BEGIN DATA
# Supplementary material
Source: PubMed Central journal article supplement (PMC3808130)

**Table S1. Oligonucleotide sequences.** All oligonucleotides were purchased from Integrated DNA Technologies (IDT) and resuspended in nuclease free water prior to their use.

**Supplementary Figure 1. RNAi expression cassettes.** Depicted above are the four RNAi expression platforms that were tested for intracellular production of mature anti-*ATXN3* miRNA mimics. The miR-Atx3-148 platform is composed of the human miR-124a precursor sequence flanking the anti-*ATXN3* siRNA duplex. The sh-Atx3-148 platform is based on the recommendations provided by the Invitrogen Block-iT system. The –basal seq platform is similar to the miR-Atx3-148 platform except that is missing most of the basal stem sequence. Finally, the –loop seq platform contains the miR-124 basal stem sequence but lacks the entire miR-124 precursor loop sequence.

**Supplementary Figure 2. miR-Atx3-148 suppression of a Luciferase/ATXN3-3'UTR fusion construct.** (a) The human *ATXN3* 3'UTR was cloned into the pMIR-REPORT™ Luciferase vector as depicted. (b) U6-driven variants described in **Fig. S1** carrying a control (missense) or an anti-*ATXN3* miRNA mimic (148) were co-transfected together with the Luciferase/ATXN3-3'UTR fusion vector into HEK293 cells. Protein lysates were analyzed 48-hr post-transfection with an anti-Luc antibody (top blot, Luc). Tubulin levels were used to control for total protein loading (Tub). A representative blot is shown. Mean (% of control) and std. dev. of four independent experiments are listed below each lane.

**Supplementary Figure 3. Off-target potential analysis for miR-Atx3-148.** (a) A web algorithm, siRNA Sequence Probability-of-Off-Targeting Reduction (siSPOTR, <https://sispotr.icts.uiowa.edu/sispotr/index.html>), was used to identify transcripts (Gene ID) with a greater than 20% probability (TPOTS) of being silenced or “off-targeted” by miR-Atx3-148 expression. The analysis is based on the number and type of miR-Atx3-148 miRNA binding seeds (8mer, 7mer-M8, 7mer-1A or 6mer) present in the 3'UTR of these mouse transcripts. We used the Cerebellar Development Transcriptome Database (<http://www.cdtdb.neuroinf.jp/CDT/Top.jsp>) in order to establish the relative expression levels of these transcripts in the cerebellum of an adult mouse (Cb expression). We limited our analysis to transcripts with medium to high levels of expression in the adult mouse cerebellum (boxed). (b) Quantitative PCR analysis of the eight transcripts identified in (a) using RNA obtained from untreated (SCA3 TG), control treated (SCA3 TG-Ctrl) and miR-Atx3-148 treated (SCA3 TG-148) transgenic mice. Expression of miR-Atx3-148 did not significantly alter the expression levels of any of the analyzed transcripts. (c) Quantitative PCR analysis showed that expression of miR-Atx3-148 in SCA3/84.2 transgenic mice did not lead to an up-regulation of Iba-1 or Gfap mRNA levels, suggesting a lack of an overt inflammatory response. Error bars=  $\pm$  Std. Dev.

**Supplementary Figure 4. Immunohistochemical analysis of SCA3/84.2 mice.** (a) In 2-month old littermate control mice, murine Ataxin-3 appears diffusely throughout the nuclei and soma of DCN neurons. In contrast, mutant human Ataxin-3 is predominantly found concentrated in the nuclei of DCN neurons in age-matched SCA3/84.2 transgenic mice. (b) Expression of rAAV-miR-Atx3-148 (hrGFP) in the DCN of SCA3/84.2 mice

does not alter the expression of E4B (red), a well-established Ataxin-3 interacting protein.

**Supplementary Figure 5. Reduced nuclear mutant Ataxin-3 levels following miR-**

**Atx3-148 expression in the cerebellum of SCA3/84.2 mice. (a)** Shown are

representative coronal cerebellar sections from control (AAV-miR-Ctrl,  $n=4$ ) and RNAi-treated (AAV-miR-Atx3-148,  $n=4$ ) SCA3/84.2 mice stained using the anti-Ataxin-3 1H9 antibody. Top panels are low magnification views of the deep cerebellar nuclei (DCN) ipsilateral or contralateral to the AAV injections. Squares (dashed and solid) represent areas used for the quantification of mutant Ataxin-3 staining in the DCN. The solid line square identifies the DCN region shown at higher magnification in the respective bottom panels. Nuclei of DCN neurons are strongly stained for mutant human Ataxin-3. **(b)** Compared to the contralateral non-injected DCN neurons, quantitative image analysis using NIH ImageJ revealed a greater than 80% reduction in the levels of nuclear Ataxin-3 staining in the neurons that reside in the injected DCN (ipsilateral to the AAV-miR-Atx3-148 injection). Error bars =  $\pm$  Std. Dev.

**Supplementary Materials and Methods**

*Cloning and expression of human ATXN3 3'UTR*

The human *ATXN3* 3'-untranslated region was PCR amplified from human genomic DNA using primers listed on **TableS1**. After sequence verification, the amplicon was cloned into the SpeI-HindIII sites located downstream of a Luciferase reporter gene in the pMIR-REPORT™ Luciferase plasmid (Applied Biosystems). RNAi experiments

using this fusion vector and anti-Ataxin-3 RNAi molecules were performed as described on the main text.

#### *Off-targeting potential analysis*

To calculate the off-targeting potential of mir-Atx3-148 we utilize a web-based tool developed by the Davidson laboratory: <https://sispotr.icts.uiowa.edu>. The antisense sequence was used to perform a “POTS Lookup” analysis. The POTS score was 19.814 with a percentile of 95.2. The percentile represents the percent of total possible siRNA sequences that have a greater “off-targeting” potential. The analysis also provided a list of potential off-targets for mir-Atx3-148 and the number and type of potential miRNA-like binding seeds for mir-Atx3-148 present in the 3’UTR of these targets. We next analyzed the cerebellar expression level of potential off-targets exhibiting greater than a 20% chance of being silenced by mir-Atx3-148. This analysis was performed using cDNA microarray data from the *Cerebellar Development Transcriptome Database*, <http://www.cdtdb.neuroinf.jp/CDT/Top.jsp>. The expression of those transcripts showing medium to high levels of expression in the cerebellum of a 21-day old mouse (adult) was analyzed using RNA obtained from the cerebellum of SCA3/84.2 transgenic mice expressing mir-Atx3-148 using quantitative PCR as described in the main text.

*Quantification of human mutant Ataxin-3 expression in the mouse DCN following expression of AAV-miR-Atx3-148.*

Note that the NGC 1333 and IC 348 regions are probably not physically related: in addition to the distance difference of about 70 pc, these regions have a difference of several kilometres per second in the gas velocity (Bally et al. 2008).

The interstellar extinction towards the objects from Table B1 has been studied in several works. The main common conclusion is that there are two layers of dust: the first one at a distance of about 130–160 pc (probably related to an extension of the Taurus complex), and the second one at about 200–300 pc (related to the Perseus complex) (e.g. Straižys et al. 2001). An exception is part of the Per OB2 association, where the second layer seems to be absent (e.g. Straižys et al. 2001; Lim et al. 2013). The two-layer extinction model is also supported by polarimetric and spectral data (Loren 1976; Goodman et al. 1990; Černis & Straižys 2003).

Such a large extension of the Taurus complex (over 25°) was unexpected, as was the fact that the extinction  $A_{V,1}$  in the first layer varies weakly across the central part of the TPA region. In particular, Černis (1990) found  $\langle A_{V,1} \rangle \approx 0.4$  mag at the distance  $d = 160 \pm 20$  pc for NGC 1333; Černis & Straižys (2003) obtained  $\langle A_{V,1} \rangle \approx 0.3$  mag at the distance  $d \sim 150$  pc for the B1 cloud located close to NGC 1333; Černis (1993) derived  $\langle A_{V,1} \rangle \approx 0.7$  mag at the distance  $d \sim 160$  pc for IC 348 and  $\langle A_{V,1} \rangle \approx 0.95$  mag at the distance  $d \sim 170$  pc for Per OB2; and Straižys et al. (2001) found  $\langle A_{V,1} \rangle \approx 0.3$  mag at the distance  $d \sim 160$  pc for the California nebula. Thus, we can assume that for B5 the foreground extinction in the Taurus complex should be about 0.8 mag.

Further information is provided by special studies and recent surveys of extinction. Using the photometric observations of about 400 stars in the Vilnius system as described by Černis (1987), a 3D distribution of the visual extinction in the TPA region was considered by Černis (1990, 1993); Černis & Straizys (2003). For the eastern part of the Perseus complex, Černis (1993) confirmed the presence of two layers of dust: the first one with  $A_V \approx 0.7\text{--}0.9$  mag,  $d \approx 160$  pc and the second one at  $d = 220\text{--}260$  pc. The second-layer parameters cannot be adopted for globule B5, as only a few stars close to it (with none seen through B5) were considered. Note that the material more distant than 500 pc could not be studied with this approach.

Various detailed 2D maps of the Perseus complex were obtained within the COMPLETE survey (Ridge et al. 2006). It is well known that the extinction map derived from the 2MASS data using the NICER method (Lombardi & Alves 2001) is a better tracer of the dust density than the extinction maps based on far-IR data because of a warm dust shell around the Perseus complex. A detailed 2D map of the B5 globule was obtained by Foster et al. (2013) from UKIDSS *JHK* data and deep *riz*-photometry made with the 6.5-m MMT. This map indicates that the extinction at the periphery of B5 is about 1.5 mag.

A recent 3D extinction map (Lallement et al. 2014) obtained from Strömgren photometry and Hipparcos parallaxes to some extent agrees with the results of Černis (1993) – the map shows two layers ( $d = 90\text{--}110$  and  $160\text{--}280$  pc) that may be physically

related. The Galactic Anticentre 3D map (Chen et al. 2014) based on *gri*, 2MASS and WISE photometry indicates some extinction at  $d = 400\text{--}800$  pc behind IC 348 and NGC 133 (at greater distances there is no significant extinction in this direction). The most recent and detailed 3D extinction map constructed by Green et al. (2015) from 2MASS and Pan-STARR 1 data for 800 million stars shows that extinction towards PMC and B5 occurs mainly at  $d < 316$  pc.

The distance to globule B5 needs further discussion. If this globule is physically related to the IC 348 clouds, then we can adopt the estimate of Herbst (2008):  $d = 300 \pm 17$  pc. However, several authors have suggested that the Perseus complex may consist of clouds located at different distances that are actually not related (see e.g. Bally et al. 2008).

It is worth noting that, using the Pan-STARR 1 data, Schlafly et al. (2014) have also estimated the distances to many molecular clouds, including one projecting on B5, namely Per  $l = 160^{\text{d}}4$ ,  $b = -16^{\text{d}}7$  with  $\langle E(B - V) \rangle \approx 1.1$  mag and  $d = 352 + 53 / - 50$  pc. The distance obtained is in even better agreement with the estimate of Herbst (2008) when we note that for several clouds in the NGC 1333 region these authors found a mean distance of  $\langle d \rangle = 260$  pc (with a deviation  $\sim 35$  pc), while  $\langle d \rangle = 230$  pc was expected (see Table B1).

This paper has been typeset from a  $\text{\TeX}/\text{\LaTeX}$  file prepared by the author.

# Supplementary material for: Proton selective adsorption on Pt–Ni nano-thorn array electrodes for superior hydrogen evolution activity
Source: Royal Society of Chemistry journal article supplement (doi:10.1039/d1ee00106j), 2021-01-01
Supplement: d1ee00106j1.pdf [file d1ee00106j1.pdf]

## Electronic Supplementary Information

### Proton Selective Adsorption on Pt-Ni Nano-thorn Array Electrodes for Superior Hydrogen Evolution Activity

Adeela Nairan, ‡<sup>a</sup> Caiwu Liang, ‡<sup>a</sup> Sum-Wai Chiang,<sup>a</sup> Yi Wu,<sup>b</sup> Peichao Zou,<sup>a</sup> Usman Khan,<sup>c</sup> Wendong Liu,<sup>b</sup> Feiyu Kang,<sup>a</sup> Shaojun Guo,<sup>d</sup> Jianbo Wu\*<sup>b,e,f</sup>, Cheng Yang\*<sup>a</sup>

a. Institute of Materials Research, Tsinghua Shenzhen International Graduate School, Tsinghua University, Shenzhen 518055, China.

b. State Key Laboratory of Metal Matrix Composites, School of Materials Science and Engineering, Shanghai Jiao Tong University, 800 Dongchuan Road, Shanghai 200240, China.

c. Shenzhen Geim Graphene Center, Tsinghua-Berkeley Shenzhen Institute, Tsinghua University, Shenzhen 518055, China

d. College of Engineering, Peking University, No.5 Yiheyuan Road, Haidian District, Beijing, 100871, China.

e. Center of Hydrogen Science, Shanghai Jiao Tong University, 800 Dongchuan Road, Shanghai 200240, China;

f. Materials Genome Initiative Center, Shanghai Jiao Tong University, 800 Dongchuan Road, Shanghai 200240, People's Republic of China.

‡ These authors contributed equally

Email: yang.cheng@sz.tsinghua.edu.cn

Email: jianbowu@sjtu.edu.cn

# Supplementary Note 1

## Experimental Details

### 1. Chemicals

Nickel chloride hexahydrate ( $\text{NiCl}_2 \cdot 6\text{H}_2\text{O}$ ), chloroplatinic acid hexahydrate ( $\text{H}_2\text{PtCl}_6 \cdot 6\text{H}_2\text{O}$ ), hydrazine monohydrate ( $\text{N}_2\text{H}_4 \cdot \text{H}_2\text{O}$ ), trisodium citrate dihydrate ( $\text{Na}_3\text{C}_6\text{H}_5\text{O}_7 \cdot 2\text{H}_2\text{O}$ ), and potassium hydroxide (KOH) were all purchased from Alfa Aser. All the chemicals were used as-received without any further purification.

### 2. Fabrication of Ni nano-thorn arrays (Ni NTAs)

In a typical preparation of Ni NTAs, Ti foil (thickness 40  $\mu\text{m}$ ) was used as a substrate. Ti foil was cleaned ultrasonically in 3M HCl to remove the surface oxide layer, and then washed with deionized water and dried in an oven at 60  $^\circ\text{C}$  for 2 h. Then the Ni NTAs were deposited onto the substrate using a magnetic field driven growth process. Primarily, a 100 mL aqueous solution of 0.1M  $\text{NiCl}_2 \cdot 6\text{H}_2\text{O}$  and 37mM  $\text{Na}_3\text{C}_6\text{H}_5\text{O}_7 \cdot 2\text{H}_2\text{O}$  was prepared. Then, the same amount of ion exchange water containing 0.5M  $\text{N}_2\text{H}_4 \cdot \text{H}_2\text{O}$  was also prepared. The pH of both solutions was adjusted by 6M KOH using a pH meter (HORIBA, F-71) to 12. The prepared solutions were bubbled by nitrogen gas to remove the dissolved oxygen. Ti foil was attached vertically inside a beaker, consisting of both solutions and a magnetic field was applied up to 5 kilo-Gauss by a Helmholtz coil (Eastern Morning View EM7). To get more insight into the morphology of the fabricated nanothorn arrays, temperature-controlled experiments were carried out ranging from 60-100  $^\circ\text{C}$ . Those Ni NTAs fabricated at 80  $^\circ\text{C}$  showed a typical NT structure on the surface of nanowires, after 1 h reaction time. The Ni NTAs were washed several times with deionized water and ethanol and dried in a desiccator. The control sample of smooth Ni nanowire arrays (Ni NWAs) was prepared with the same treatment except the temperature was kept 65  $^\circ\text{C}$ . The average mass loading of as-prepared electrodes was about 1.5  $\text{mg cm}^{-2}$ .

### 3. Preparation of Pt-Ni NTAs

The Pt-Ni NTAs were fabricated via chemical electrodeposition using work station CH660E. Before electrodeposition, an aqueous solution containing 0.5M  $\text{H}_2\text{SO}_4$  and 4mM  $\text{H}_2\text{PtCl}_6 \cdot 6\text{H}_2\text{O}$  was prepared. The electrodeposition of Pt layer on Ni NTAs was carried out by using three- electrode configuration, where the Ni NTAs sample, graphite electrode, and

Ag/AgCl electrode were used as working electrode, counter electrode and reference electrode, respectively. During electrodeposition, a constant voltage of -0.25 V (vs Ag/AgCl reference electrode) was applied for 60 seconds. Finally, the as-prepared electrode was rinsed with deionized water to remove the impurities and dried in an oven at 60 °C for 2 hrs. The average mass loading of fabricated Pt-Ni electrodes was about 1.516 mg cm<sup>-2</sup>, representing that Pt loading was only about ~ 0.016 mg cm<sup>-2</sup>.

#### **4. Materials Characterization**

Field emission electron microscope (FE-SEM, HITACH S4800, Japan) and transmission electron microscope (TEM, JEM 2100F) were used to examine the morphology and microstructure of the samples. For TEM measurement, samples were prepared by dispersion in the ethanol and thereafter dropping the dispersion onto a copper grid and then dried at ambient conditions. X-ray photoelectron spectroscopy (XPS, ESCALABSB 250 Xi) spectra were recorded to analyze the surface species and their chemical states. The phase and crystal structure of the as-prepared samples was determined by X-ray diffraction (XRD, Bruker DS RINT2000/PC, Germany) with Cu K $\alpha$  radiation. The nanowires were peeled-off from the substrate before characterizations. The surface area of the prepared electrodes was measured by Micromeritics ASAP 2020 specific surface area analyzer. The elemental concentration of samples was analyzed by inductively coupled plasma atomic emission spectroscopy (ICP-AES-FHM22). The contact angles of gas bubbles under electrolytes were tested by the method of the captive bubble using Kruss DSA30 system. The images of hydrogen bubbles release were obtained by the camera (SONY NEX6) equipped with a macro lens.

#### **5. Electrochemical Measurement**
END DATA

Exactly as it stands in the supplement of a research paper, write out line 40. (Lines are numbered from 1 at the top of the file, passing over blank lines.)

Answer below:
f. Materials Genome Initiative Center, Shanghai Jiao Tong University, 800 Dongchuan Road, Shanghai 200240, People's Republic of China.